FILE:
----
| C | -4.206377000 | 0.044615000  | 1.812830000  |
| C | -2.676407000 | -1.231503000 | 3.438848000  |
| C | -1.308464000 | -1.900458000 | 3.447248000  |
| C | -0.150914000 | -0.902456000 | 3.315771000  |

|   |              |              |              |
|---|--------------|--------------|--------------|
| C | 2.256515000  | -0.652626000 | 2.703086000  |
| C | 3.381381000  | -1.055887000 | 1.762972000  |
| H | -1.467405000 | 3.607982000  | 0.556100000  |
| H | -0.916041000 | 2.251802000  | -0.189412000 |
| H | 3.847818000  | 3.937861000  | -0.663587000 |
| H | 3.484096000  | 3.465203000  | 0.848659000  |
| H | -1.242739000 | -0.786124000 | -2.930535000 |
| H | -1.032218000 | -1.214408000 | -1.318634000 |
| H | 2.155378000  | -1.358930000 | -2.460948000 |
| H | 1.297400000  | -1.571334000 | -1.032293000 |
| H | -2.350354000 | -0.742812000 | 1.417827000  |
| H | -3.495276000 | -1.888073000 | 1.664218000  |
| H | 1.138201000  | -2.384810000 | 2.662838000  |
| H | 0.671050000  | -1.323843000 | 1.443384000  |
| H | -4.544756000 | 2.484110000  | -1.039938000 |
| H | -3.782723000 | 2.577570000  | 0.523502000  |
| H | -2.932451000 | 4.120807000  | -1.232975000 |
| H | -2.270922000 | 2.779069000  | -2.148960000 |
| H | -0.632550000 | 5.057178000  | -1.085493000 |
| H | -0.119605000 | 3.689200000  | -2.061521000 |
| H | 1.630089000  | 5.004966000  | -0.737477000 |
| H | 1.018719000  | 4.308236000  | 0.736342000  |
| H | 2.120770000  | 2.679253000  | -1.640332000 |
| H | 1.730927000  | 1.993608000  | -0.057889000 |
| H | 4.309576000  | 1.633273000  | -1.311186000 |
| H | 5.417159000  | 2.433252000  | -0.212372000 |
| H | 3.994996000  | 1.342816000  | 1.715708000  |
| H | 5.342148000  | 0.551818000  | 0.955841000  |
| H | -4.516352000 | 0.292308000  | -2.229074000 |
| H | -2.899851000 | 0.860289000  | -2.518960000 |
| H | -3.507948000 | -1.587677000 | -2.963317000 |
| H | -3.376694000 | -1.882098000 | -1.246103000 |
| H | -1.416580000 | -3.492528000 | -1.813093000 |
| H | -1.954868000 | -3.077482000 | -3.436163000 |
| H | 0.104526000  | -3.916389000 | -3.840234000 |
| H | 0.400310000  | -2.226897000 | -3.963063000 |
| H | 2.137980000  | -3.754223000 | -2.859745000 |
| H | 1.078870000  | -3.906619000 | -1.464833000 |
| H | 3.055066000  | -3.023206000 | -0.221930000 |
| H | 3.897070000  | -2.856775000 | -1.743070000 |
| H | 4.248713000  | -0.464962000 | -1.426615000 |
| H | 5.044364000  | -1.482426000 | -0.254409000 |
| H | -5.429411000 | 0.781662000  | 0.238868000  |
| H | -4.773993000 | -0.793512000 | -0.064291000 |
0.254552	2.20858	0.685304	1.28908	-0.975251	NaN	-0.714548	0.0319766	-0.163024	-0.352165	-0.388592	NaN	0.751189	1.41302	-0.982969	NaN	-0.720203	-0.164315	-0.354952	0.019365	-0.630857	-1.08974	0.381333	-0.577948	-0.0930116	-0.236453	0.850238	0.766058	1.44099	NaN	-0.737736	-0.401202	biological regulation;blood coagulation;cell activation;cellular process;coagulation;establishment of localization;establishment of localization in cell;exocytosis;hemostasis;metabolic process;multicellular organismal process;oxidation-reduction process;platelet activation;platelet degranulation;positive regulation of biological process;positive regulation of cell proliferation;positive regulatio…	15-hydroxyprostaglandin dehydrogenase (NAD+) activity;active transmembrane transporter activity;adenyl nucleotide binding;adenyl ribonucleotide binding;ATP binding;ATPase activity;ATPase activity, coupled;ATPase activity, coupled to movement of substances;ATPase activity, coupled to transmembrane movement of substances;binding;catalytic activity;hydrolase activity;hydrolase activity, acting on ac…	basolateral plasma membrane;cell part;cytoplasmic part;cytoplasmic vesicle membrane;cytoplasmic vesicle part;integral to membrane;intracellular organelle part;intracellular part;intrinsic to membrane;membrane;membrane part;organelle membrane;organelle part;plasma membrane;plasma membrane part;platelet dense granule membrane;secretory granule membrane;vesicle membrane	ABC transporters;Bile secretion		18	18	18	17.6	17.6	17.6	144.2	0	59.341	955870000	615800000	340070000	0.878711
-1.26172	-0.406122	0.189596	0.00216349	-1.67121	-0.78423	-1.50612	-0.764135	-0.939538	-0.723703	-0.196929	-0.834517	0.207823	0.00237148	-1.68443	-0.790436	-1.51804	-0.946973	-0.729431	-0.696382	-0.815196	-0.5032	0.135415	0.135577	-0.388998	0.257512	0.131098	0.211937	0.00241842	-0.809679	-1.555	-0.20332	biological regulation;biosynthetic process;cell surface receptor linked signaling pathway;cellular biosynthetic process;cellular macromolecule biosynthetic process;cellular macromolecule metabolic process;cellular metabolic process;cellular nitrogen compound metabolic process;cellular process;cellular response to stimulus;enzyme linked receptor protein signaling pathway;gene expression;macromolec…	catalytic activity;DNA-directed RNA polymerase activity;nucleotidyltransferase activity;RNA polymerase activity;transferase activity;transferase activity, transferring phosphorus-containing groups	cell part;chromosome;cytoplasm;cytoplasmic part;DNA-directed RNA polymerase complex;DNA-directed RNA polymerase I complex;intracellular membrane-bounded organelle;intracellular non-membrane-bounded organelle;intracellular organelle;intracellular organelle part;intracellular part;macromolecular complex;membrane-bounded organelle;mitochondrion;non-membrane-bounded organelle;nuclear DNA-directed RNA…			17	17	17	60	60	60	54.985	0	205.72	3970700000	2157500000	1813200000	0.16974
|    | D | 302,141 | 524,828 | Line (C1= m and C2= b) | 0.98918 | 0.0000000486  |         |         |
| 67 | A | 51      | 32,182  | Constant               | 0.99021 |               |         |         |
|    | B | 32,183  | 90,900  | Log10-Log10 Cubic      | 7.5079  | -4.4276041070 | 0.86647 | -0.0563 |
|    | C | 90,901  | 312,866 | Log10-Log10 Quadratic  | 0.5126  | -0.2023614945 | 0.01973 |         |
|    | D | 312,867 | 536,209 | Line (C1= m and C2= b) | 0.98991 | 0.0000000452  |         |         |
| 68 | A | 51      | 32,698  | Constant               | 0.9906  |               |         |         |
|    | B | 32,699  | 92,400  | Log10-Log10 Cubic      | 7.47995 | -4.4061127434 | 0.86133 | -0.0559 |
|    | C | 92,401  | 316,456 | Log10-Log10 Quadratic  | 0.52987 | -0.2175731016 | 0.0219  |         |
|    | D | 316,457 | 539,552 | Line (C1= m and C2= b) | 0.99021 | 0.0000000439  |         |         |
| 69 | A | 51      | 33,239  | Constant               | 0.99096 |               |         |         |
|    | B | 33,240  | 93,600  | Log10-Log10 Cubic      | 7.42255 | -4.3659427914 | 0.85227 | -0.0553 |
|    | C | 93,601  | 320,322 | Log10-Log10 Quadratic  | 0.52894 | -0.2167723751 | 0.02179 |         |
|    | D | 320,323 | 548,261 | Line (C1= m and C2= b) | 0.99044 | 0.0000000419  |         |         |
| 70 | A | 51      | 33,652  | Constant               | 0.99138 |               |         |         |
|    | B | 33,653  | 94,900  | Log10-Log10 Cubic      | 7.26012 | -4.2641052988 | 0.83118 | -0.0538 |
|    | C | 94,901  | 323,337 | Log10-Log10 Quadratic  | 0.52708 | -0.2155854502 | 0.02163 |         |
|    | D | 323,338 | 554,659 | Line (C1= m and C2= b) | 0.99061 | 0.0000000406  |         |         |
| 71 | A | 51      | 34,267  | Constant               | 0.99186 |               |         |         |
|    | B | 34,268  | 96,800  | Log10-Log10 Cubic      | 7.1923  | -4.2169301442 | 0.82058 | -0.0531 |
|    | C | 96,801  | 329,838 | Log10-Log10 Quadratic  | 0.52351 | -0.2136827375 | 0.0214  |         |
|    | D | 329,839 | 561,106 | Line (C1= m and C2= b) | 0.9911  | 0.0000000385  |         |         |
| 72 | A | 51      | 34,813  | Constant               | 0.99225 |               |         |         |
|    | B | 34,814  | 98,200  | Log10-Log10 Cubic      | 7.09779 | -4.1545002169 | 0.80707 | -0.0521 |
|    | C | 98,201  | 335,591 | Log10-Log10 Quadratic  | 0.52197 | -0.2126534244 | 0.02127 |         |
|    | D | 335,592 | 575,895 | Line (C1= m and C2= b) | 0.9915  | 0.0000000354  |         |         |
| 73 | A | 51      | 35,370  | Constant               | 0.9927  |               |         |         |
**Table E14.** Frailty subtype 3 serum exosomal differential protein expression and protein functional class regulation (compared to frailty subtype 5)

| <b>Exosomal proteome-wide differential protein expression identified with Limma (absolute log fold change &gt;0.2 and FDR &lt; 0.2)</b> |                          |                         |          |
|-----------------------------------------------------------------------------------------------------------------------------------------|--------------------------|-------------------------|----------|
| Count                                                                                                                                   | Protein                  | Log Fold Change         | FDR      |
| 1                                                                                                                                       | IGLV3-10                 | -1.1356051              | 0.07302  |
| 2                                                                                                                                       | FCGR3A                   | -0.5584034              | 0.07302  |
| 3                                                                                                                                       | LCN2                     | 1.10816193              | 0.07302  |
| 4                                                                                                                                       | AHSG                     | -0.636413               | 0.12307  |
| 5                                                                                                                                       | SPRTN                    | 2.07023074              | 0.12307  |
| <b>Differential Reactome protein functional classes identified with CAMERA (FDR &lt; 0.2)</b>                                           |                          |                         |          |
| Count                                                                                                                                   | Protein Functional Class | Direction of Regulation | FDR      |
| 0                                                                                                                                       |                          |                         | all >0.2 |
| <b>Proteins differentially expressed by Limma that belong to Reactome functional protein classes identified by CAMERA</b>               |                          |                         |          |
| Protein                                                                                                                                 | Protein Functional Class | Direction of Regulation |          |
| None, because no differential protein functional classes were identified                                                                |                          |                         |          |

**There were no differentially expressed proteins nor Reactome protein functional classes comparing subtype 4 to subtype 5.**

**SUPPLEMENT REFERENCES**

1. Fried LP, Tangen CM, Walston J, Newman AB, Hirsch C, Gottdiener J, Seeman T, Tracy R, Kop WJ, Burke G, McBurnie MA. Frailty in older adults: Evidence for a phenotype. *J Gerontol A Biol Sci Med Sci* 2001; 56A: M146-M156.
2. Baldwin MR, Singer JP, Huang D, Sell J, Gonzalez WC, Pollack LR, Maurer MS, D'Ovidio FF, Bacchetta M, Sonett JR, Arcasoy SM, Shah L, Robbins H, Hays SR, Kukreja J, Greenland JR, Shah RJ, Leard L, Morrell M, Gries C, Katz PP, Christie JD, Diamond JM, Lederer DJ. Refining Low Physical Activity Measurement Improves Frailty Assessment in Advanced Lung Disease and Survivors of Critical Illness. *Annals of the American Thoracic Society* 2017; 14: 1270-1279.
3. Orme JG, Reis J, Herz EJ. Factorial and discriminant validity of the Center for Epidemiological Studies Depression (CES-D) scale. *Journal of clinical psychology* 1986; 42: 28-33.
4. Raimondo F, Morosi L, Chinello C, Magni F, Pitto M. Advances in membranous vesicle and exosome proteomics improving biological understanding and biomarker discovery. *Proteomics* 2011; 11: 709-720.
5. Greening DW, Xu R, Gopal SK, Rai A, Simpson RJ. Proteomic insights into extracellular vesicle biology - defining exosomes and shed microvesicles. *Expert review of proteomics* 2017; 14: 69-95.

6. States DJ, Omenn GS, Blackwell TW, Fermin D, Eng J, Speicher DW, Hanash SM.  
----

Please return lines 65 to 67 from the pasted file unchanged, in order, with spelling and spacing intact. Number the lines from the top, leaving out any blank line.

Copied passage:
|    | D | 320,323 | 548,261 | Line (C1= m and C2= b) | 0.99044 | 0.0000000419  |         |         |
| 70 | A | 51      | 33,652  | Constant               | 0.99138 |               |         |         |
|    | B | 33,653  | 94,900  | Log10-Log10 Cubic      | 7.26012 | -4.2641052988 | 0.83118 | -0.0538 |